Sept 21st 1861 – The Mill Fiend

Come, let us go down from this weather-stained hill –
One, two, three, and away!
Go down to the hollow where glossy and still
The mill-race rolls over the wheels of the mill,
And its foam is the dew of the morning.
There are two bonny eggs in a nest on the hill –
One, two, three, and away!
One lies in the warmth of its mother-bed still,
But the other is rolling adown to the mil –
For the winds are so wild in the morning.
Two children are playing atop of the hill –
One, two, three, and away!
One clings to the peace of its infancy still,
But the other is off and away to the mill,
To see how it looks in the morning.
Two lovers are wed on [sic] the church on the hill –
One, two, three, and away!
She lights up his home, and is true to him still,
But he hurries down to the roar of the mill,
And thinks not of her or the morning.
Two weary wayfarers come over the hill –
One, two, three, and away!
One makes for the cottage that’s dear to him still,
But the other strides on to get work at the mill,
And stays not to look at the morning.
Two friends are in talk on the brow of the hill,
One, two, three, and away!
One sleeps, but the cool grass is over him still,
While the other is whirl’d round the pool of the mill,
And his corpse will float up in the morning.
Two spirits fly over the cross on the hill,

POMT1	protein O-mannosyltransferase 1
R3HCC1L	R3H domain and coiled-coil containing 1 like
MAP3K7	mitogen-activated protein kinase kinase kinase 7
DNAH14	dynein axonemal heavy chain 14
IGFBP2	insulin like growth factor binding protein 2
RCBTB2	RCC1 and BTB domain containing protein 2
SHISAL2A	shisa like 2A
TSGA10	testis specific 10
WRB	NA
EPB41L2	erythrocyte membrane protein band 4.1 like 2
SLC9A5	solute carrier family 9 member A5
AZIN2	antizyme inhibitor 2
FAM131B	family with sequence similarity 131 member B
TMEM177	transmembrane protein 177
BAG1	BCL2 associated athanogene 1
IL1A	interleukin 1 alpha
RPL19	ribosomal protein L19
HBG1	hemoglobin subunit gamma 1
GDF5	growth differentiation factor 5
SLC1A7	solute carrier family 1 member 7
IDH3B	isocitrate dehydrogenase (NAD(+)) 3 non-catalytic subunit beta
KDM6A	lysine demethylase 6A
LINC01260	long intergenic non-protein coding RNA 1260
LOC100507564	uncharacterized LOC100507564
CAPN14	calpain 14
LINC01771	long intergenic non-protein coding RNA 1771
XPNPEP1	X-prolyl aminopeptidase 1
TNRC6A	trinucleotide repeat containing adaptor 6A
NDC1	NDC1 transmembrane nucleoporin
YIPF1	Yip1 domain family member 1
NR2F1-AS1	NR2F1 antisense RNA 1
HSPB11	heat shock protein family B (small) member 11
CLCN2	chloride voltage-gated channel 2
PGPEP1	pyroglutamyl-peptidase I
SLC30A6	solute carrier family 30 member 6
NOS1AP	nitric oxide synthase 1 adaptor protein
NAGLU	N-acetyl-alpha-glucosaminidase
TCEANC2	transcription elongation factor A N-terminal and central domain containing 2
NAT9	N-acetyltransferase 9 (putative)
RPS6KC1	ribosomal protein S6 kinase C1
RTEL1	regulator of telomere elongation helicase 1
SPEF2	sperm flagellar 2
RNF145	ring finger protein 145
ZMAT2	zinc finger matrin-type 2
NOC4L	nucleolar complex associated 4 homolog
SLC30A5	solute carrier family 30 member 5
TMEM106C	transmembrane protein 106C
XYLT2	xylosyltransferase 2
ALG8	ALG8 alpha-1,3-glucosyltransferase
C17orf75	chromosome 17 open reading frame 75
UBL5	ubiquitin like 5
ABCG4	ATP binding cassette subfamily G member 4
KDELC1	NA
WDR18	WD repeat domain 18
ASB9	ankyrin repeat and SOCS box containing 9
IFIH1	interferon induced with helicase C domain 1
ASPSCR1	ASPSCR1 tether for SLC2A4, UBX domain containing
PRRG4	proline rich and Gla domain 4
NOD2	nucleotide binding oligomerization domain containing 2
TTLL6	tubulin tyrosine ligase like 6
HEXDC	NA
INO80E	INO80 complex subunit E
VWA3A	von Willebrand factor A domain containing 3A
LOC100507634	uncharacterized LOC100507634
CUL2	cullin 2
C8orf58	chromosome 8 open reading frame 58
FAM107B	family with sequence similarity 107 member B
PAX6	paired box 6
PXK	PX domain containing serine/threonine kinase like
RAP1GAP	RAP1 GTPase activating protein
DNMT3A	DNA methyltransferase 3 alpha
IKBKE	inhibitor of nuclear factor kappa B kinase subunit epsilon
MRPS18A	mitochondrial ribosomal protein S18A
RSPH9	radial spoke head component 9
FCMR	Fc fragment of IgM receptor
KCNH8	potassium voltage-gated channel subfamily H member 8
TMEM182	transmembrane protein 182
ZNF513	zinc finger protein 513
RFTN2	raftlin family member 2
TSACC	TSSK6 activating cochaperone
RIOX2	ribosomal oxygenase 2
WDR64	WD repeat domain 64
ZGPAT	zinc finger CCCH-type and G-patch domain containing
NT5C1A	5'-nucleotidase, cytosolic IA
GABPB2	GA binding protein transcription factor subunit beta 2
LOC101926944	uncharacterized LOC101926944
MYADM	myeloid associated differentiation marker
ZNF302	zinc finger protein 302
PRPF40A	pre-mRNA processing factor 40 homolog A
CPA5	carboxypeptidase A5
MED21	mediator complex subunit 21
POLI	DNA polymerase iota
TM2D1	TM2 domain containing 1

One, two, three, and away!
One stays there and prays there and watches there still,
And the other, who writhes in the teeth of the mill,
Is Lucifer, son of the morning.
- Once A Week ARTHUR J. MUNBY.

Title:The Mill Fiend

Author:Arthur J. Munby

Publication:The Bolton Chronicle

Published in:Bolton

Date:Sept 21st 1861

Keywords:death, industry


This poem presented as in a song-like form by Arthur Munby contains the repeated refrain ‘one, two, three and away echoing the repetitive nature of work in textile mills. It appears to give a negative view of industrial work – suggesting that it detracts from domestic harmony, and is associated with early death. The piece is a reminder that while the threat of unemployment due to the Cotton Famine was unwelcome, many people found work in the mills arduous, dangerous and punishing. The reference to Lucifer in final stanza is a particularly strange and ominous effect. – SR